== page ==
MQTT (Message Queuing Telemetry Transport) is a popular protocol built on TCP for lightweight M2M (Machine-to-Machine) communication. It has become a standard choice in IoT applications due to its simplicity, efficiency, and ease of implementation. We've had a great deal of experience working with both UDP and MQTT and wanted to share our experiences with MQTT.
Section 1: Core Advantages of MQTT
1.1 Lightweight Protocol
MQTT is designed to use low bandwidth and provide reliable message delivery even in high latency or unreliable networks. The protocol’s small header size and the keep-alive mechanism make it a great fit for IoT applications where bandwidth and battery power are often constrained.
1.2 Quality of Service Levels
QOS or Quality of Service levels is a feature of MQTT where you can decide how reliable you want the communication to be.
MQTT offers three Quality of Service (QoS) levels for message delivery:
0: The message is delivered at most once, delivery is not confirmed.
1: The message is delivered at least once, delivery is confirmed.
2: The message is delivered exactly once by using a four-step handshake.
These QoS levels allow for tailored message delivery guarantees based on the use-case requirements.
1.3 Last Will and Testament (LWT) Feature
The Last Will and Testament (LWT) feature allows a client to specify a “last will” message sent by the broker on its behalf in case it gets disconnected unexpectedly. This feature is vital in ensuring that other clients are informed about the disconnection, which can be crucial in monitoring and alert systems.
Now lets look at some of the major limitations of MQTT when it comes to low power IoT applications.
Section 2: Limitations of MQTT for low-power IoT applications
2.1 Too many configurable options
MQTT gives us a lot of options when it comes to authentication via username, password or x.509 certificates but along with the authentication, there are a lot of different types of configurations that are minute but can cause errors in transmission that are extremely hard to understand why it happens.
Especially when dealing with BG96, where everything has to be a configuration, as a manufacturer it gets extremely complicated to support different MQTT servers with various settings. We tried to simplify these and have default configurations for major vendors but every now and then we encounter issues due to some edge case like one firmware version of BG96 couldn't parse the certificate chain for TLS from certain MQTT servers.
2.2 Battery life and data consumption
When dealing with low-power battery operated devices, they are usually asleep for most of the time and wake up to transmit at regular intervals. Modems are usually the biggest cause of battery drain so they are completely turned off while the device is asleep. This means, we have to initiate the MQTT connection everytime the device wakes up which causes a lot of battery and network overhead. While MQTT provides a lot of flexibility, in scenarios like these it may not be the ideal choice.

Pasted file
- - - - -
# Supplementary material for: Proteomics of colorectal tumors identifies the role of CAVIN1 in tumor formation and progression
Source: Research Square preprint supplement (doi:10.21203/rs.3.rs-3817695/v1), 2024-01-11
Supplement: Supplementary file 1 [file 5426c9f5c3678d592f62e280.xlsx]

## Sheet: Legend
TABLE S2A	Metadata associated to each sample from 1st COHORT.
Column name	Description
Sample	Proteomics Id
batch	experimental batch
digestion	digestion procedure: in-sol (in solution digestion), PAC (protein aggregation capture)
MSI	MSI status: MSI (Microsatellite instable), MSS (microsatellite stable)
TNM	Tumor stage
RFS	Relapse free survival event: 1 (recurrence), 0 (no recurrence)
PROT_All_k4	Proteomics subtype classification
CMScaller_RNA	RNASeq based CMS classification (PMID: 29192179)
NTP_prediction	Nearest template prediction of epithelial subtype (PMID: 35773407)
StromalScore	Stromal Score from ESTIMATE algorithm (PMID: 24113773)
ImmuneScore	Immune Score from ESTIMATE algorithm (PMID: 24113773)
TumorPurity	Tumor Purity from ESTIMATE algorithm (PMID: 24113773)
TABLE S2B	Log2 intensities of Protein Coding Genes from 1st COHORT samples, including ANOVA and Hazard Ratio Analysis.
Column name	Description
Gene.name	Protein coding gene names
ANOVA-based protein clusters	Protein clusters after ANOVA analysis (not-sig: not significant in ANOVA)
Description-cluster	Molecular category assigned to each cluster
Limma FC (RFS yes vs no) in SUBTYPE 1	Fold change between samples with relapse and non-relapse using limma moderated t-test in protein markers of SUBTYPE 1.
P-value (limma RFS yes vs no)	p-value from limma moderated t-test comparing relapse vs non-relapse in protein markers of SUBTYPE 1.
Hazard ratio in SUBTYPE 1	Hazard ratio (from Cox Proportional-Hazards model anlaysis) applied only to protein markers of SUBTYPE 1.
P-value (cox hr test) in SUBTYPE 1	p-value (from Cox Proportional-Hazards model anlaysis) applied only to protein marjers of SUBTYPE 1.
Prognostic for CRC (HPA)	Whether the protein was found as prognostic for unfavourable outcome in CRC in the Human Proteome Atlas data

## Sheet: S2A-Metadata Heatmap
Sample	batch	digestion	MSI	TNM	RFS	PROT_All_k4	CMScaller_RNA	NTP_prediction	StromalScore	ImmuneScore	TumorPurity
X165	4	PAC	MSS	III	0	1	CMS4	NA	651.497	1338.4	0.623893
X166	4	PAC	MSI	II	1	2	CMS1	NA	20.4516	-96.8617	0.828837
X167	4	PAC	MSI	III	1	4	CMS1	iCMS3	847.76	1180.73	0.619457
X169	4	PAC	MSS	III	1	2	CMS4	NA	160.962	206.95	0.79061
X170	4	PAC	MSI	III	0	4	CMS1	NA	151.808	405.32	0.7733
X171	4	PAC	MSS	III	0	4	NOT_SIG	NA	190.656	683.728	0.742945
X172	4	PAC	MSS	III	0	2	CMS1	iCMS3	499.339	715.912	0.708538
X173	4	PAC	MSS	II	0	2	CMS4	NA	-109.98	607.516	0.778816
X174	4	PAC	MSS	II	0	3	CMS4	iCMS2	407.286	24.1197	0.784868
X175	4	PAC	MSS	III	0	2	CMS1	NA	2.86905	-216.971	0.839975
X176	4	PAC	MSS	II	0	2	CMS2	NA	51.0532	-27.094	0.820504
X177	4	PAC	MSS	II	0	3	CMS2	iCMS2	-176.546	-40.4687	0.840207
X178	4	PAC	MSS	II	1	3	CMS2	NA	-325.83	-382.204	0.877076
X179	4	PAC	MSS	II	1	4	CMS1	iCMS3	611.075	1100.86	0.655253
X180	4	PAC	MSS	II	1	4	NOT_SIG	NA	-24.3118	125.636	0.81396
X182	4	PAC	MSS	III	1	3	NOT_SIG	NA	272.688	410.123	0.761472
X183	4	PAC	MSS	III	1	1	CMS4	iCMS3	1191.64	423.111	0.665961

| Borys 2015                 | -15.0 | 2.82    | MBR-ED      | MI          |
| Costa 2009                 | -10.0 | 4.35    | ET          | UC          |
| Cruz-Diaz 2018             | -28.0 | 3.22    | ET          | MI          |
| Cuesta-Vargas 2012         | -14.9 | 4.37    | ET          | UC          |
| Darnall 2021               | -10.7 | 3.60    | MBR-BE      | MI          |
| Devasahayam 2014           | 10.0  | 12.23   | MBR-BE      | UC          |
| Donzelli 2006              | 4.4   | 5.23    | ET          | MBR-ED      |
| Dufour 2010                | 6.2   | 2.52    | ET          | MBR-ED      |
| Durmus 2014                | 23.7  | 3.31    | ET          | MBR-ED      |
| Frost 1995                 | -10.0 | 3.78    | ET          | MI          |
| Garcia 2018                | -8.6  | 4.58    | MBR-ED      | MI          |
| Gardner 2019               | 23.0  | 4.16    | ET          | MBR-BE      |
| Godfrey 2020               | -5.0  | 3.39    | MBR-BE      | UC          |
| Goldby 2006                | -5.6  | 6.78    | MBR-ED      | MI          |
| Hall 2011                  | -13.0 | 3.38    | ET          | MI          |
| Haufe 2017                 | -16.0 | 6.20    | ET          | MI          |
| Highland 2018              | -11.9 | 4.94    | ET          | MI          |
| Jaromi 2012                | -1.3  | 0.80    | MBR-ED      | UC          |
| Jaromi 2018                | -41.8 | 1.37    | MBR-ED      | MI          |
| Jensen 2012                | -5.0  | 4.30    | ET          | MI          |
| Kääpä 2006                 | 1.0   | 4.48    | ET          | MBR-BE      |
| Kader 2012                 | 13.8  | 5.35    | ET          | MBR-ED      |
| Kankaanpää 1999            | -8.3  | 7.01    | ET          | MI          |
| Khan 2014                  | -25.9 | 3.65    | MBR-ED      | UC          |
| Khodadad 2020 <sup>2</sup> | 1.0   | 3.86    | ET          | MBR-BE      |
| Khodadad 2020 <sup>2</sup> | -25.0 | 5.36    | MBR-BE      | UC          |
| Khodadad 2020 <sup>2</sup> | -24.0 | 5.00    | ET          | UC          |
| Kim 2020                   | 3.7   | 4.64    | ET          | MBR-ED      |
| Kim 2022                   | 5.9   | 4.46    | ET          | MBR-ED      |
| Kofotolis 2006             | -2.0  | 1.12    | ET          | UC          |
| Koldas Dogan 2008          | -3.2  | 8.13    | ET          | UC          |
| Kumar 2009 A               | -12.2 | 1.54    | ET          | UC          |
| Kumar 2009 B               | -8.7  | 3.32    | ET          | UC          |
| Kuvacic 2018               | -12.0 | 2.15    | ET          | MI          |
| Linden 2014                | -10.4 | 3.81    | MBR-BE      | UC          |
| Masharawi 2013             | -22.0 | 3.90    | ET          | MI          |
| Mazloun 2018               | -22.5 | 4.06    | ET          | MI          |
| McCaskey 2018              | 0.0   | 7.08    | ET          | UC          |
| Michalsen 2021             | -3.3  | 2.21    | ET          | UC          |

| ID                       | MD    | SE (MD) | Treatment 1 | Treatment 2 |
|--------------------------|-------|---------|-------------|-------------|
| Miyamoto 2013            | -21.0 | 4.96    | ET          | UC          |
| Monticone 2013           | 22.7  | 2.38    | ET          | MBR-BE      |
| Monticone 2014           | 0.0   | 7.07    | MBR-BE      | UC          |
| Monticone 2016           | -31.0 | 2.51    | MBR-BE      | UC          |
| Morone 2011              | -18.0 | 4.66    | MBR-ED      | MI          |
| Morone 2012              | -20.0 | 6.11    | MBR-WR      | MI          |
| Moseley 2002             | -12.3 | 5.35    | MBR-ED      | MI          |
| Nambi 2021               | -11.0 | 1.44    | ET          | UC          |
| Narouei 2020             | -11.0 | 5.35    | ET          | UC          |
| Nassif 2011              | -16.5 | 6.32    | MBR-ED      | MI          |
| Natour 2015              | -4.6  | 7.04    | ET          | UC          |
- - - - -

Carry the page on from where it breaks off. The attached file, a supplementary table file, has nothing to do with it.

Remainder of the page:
2.3 Security Concerns
MQTT’s standard specification doesn’t include a defined security mechanism, thus relying on the underlying network’s security. This may necessitate additional security layers such as SSL/TLS for encrypted communication. If the vendor does not have a private SIM network and does not implement SSL, all communication will be in plain text.
2.4 Lack of Built-in Error Handling
As mentioned in the first point, there is no error handling mechanism when you have an issue. A lot of steps must be performed with trial and error to diagnose the issue.
2.5 Scalability Challenges
As the number of connected devices grows, there may be scalability challenges due to increased message traffic and the need for more robust broker solutions to handle a high number of concurrent connections. Services like EMQX and AWS IoT Core offer fully managed serverless solutions to solve part of the challenge but it comes at the cost of vendor lock-in.
Section 3: Comparing MQTT with Other Protocols
Protocols like customised UDP, CoAP (Constrained Application Protocol), HTTP (Hypertext Transfer Protocol), and WebSockets also serve the IoT ecosystem. CoAP, for instance, is designed for use in constrained environments and offers features like multicast support which MQTT lacks. HTTP and WebSockets, on the other hand, are more common in web services but might not be as efficient as MQTT in terms of bandwidth usage and latency in certain IoT scenarios.
There are other protocols entering the market like HTTP/3 with QUIC that are promising to make the web better which in turn also makes IoT communications better.
Section 4: Future of MQTT in IoT
The MQTT standards are evolving with the advent of MQTT 5.0, which brings in new features like enhanced authentication, shared subscriptions, and better error reporting, making it even more suitable for a broader range of IoT applications.
Wirepas an industrial mesh network uses MQTT as the protocol of choice for all the communications between the gateway and application server.
Like with any technology, MQTT has its advantages and disadvantages. If you are looking for a stateful connection that transmits data in milliseconds, it is the best choice but for battery operated devices that have to reinitate a connection everytime they wake up, you may find UDP or simple HTTP with TLS to be more efficient.
Hopefully, with this article, we've shed some light on the protocol so you may be better informed to choose the correct option for your IoT application. Our experts are available and happy to discuss and suggest a better choice for your application. Use the Contact Us page to get in touch or write to us on email@example.com